You recently curated the Kigali Photo Fest. How did you decide what to include in the exhibition?  

Kigali Photo Fest has a vision and mission that really resonated with me. It’s about celebrating Africa’s diversity through photography as a medium of art.

The theme of the first edition was ‘In search of relevance – locality and remediation’ – which is about sharing and navigating ideas of identity, memory, experience, intimacy, presence, and connection, in order to co-opt a narrative through a selection of subject matter and presentation.

They present a historically, socially significant moment and can frame the conversation around those moments, therefore, it wasn’t so difficult to include.

We approached artists with the vision and the theme of the festival and many responded positively.

It is a special project that hopes to include many African photographers and teach photography as a medium of art to earn its respect, to start looking for new audiences and to mostly tell stories about other places in Africa that one might not be able to visit but have an idea through images.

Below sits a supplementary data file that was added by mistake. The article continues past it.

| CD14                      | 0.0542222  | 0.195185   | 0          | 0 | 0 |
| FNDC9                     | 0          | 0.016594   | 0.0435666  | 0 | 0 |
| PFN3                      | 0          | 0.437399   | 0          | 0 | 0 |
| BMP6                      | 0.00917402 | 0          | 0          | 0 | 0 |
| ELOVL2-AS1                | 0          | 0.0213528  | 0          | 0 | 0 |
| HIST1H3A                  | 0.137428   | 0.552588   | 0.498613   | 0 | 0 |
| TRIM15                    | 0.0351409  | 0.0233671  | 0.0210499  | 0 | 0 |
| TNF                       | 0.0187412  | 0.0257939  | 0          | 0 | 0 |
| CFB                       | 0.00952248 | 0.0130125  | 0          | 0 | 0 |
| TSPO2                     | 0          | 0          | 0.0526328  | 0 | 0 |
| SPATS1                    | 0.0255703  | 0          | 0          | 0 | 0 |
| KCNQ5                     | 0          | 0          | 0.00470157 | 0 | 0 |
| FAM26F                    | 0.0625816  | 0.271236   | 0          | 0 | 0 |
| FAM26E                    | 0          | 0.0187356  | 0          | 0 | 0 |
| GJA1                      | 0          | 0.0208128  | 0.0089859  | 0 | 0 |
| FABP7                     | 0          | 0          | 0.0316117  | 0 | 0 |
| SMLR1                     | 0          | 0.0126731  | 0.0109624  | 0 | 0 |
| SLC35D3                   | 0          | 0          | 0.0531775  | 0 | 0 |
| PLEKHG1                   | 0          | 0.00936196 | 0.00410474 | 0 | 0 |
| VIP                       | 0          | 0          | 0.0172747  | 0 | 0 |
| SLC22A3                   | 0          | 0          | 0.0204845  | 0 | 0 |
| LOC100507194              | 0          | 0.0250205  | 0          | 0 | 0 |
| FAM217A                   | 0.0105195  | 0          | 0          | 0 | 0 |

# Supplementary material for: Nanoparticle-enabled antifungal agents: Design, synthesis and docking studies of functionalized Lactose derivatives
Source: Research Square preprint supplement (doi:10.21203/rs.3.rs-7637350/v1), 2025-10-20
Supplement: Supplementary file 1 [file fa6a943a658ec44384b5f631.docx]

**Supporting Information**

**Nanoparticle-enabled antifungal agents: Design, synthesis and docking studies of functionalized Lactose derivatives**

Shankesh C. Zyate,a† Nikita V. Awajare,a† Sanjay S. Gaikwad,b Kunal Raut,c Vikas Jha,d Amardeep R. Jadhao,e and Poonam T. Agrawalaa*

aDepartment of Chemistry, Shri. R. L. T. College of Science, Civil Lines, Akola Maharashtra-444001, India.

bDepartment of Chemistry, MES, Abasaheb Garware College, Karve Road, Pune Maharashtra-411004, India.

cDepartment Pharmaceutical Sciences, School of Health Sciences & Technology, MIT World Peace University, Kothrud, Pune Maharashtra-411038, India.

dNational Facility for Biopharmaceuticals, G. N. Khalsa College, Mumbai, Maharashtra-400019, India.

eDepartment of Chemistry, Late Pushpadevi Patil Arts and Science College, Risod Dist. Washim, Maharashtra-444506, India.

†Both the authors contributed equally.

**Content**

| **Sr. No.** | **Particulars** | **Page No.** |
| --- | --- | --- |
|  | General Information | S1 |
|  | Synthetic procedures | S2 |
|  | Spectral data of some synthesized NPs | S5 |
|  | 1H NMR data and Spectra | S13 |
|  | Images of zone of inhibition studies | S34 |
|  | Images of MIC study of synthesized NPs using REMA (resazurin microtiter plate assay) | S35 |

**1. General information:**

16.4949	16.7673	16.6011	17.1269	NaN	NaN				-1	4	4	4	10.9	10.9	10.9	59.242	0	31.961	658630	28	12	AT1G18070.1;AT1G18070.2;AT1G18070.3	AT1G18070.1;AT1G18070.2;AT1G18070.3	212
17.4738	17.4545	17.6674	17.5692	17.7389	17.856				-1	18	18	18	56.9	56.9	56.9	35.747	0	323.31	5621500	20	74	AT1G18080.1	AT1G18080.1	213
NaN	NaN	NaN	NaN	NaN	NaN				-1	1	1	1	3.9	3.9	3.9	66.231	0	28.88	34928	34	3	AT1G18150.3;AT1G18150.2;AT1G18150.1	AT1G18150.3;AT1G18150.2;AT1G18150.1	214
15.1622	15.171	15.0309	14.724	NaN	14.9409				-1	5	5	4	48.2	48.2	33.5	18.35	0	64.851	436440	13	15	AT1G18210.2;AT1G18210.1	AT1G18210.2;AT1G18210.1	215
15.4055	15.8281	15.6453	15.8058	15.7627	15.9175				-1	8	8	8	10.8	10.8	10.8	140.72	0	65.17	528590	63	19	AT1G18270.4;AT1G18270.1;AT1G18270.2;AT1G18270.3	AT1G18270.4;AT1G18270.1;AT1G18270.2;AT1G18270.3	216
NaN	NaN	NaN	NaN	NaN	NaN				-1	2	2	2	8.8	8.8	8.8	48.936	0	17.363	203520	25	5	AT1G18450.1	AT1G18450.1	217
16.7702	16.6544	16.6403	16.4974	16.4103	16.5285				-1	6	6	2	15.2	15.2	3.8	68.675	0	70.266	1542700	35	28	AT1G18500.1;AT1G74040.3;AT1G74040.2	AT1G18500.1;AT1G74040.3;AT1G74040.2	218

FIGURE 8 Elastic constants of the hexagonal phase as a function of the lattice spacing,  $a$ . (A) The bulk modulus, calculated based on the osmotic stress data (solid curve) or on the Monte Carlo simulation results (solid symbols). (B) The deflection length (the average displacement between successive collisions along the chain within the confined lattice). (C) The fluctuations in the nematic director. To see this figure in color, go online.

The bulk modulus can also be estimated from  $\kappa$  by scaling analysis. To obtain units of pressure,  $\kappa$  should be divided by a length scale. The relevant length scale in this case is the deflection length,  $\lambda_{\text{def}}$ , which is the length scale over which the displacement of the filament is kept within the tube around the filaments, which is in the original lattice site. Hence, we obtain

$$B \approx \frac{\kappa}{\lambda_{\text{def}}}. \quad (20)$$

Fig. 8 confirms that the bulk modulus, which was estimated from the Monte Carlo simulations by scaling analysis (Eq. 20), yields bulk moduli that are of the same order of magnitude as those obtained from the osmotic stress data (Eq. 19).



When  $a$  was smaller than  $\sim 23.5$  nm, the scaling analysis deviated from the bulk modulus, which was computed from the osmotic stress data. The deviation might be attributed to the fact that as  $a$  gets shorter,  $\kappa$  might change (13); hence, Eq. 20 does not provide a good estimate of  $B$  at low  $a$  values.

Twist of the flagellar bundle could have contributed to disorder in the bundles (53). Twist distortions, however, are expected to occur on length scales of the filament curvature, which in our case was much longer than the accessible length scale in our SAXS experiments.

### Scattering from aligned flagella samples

Therefore it is about the continent sharing with each other.

Was your family always supportive of your dream to pursue a career in the cultural and arts sector?

My dad and mum met in drama school, but my father ended being a Mechanical Engineer.

So my father understood the appeal of arts and culture to be he said you also have to be able to look after yourself financially.

We really need to educate our families to be our first fans, audiences and to be the next big support systems we can depend on.

We also have the responsibility to take the effort and be patient to teach them so that not only our families but also our societies, can better understand.

In this video, Robinah shares more about collaborations within the East Africa art sector, establishing a creative vision during the last Nyege Nyege festival in Kampala.

This video was produced in cooperation with the British Council.

This article was written by Marthe van der Wolf

Mmakgosi Tau: Choose a cause that is closest to your heart

Mmakgosi Ophadile Anita Tau is a performing, recording and literary arts specialist who recently released her poetry single titled “Popcorns.” She recorded a Jazz ensemble album in Pretoria, South Africa with “It Has to be Jazz,” in 2016.